Neuro Developmental Center — preparing infants and toddlers with developmental delays…for life!

Occupational Therapies

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Occupational therapy helps children to be successful in their activities of daily living. Activities of daily living for a young child include playing, moving, engaging with others, and learning.

The major areas commonly addressed are:

  • Fine Motor skills-learning to use their hands to reach, grasp, and play with toys.
  • Gross Motor skills-having the strength, balance, and coordination for rolling, sitting, crawling, walking, and jumping.
  • Adaptive/Self-Help skills-improving oral motor skills for feeding, assisting the child to learn to be more independent and/or helping make adaptations so that your child can be more independent.
  • Sensory Integration/Self-Regulation-Helping your child to organize their behavior in order to learn, play, interact, and sleep.

 

Frequently Asked Questions

Why would an occupational therapist work with a child from birth to three months of age?

Occupational therapists assist children and adults to develop, recover, or maintain their daily living and work skills. They also identify potential environmental barriers and recommend adaptations to help individuals to become more independent and participate in family and community activities. For young children, their daily living skills include feeding themselves, learning to crawl or walk so they can explore their environment, using their eyes and hands to explore toys, and having the ability to stay calm and focused so that they can interact with their friends and family. For a child with gross motor delays, an occupational therapist will determine what factors are preventing the child from rolling, crawling, or walking and then recommend targeted activities to promote the desired skill. For the child that has poor trunk control, the occupational therapist may suggest adaptations that can be made to a tricycle so that the child can learn to ride it. For the child who has difficulty with calming, the occupational therapist may work with the family to find strategies, sensory input, and/or environmental modifications to assist the child to self-soothe.

If my child needs occupational therapy services how often will the therapist see my child?

The frequency will vary according to your child’s needs and your family’s schedule. You will have the opportunity to discuss this and express your preferences at the IFSP meeting.

Should I use a walker or excersaucer?

The American Academy of Pediatrics recommends placing babies on their backs to sleep and have supervised tummy time during awake hours. Tummy time is important for developing the strength and coordination needed for skills such as rolling, sitting, crawling, and playing. They also receive visual stimulation while on their tummy they lift their head and view the world at eye-level. It is recommended babies spend as much time on their tummies as possible throughout the day and limit use of sitting and standing devices to brief times such as ten minutes.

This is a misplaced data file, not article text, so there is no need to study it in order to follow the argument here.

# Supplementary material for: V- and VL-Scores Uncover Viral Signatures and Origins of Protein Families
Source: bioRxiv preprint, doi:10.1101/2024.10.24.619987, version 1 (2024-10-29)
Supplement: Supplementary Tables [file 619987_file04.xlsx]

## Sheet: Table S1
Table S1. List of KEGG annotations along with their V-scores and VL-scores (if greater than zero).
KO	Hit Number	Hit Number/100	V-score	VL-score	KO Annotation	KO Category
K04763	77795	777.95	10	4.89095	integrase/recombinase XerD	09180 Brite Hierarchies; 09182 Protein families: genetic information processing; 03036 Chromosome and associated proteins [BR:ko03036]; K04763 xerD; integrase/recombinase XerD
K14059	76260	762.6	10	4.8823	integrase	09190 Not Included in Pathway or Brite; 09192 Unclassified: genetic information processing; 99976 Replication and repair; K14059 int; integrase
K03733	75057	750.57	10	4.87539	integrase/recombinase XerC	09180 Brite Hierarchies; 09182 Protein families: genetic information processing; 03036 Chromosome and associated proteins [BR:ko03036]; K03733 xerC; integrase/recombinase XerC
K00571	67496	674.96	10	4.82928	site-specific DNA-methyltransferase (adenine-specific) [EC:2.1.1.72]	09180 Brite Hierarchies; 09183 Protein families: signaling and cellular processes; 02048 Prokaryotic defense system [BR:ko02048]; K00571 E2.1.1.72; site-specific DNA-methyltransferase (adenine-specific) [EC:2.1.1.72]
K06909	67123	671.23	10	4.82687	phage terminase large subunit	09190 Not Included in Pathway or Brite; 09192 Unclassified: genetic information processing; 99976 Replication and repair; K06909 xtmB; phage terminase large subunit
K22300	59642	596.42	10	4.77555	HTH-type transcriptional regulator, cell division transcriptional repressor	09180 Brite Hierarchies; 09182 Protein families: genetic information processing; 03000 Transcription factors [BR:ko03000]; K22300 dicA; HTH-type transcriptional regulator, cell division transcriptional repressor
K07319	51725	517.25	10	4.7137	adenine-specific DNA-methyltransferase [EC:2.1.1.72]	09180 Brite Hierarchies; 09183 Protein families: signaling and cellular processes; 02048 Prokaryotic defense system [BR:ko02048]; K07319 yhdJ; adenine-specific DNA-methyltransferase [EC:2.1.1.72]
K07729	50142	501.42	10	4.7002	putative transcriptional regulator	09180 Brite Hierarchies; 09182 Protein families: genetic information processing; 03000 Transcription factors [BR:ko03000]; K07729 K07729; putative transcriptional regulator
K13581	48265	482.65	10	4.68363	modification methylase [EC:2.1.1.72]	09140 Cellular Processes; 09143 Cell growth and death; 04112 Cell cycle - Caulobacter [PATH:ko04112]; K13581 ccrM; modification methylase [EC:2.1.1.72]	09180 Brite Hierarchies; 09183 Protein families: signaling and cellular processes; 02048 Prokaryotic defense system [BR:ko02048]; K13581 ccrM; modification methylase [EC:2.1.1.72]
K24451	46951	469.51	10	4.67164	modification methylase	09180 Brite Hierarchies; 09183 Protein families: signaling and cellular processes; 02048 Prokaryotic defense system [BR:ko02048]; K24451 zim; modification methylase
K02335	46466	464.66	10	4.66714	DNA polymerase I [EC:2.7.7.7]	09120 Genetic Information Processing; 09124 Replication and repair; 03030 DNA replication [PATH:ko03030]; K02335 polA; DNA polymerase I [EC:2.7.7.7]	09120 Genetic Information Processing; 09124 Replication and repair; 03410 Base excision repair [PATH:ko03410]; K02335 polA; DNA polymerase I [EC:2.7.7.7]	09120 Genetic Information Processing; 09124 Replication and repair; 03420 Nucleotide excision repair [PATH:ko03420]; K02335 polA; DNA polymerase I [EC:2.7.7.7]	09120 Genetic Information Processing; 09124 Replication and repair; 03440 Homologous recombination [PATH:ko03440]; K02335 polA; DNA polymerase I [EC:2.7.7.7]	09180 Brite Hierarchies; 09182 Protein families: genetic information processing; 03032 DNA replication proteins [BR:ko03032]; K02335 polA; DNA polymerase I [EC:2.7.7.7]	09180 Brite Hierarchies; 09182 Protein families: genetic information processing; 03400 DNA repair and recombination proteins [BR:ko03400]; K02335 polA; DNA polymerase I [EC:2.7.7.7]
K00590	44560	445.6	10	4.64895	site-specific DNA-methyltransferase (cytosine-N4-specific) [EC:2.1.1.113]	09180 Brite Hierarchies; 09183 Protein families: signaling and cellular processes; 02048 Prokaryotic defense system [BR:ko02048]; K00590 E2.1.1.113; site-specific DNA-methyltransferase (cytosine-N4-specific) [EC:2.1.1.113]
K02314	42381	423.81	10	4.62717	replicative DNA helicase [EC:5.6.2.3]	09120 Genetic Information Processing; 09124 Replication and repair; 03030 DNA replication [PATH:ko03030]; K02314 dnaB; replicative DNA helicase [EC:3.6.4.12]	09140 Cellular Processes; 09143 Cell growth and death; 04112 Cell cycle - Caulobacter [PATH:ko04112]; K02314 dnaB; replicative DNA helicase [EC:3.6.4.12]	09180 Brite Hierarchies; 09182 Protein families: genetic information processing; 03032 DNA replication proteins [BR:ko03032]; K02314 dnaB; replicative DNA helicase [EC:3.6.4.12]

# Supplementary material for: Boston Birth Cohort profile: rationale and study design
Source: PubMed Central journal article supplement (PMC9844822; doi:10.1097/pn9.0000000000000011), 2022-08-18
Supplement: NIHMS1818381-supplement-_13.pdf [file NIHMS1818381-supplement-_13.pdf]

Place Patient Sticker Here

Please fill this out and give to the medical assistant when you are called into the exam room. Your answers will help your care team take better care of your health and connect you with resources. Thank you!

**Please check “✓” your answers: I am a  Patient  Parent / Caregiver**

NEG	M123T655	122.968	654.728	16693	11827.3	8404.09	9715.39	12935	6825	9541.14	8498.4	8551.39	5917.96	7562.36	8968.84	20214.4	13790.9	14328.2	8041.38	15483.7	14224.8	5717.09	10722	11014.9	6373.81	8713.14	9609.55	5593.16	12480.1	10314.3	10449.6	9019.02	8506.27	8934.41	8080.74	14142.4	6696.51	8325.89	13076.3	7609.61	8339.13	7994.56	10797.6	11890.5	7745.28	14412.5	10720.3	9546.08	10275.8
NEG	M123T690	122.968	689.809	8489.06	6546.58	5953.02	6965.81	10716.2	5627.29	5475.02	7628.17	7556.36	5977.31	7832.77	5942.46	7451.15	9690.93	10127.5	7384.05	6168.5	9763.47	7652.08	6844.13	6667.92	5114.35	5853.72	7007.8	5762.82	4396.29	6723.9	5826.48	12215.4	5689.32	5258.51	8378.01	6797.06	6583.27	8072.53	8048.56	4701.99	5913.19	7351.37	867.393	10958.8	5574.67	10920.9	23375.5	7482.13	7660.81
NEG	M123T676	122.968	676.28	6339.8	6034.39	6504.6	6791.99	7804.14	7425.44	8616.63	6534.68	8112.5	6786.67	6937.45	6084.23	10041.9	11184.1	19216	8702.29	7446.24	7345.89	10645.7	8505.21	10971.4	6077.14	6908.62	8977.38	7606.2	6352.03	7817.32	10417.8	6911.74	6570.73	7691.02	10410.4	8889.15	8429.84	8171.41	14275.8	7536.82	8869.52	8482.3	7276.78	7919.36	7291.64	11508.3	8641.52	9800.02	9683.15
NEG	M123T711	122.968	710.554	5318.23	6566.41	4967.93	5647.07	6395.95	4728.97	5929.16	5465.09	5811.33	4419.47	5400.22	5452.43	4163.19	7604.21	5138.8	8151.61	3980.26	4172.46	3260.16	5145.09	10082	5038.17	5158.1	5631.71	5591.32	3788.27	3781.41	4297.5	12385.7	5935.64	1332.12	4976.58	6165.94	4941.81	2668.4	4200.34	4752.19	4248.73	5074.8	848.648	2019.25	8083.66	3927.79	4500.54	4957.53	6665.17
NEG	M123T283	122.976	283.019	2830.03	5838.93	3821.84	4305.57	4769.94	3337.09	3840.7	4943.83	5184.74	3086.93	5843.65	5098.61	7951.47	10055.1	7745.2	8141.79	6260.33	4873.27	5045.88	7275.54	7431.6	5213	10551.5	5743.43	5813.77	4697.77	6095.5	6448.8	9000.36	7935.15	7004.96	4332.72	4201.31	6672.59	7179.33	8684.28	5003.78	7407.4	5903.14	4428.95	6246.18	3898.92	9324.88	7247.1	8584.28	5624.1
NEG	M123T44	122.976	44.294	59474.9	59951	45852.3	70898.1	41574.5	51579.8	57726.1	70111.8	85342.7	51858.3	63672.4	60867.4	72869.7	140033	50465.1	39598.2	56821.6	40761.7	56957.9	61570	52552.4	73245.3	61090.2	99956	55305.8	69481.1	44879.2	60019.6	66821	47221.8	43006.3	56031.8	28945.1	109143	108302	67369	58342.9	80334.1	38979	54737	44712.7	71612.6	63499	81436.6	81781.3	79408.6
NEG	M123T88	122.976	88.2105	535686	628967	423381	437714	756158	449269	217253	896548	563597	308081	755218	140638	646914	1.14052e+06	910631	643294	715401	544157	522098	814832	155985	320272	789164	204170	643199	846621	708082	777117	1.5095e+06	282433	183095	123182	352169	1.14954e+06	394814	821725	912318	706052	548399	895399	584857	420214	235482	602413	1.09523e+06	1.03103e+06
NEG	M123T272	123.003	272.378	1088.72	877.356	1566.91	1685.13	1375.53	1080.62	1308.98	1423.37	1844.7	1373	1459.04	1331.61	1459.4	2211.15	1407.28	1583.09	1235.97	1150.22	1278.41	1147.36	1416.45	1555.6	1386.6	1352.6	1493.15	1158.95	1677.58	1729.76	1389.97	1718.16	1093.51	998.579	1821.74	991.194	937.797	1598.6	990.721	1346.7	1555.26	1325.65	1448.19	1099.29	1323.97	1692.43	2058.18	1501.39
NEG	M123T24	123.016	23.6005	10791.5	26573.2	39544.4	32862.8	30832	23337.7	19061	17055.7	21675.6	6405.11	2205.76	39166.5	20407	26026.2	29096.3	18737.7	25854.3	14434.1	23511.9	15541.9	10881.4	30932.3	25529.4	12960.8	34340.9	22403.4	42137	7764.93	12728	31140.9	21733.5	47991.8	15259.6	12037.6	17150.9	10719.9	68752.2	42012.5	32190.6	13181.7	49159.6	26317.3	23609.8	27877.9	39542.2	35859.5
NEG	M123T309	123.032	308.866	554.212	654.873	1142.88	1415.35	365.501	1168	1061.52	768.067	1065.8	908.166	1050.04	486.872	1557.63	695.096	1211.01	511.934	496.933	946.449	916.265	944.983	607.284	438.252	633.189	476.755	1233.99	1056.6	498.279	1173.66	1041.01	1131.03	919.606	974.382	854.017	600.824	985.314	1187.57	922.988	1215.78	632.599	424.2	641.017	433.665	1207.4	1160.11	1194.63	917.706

What toys do you recommend for my child?

Expensive complex toys are not necessary in order to advance your child’s development. As therapist’s, the most common toys we use are wooden blocks, bubbles, bowls, balls, and cause and effects toys.

What early motor skills should I look for in my child and at what age?

While all children develop at their own pace, their skills should develop in a typical pattern. For example we would not expect a child who is not sitting on their own to be able to walk or a child that cannot reach and grasp a toy to be able to use a crayon to scribble. Each milestone develops a particular set of muscles and skills that are foundational for more advanced skills. Occupational therapists will observe your child’s motor skills not only to assess what skills they have but to determine if their movements are smooth, coordinated, and effective. If your child is late in meeting his or her milestones or is skipping milestones, discuss your concerns with their pediatrician.

 

Gross motor milestones………………………………………………………………Average Age
Lifting head up to 45 degrees while lying on stomach……………………………..3 months
Rolling from back to his stomach………………………………………………………….6 months
Sitting without any support…………………………………………………………………6 months
Crawling forward on stomach………………………………………………………………7 months
Creeping forward on all fours………………………………………………………………9 months
Cruising (walking sideways) while holding onto the furniture………………10 months
Walking independentl………………………………………………………………………..12 months
Kicking a large ball at least 2 feet forward…………………………………………..21 months
Walking up steps without holding onto railing……………………………………24 months
Jumping forward at least 4 inches……………………………………………………..27 months

 

Fine motor milestones………………………………………………………………Average Age
Visually tracking a toy both horizontally and vertically………………………….1 month
Grasping a suspended toy…………………………………………………………………..4 months
Moving a toy from one hand to the other……………………………………………6-7 months
Picking up small objects using thumb and 1st finger…………………………….10 months

 

(pincer grasp)
Using a crayon to scribble…………………………………………………………………13 months
Placing one small block on top of another one…………………………………….15 months
Imitating drawing a horizontal line…………………………………………………..26 months
Stringing large beads……………………………………………………………………….32 months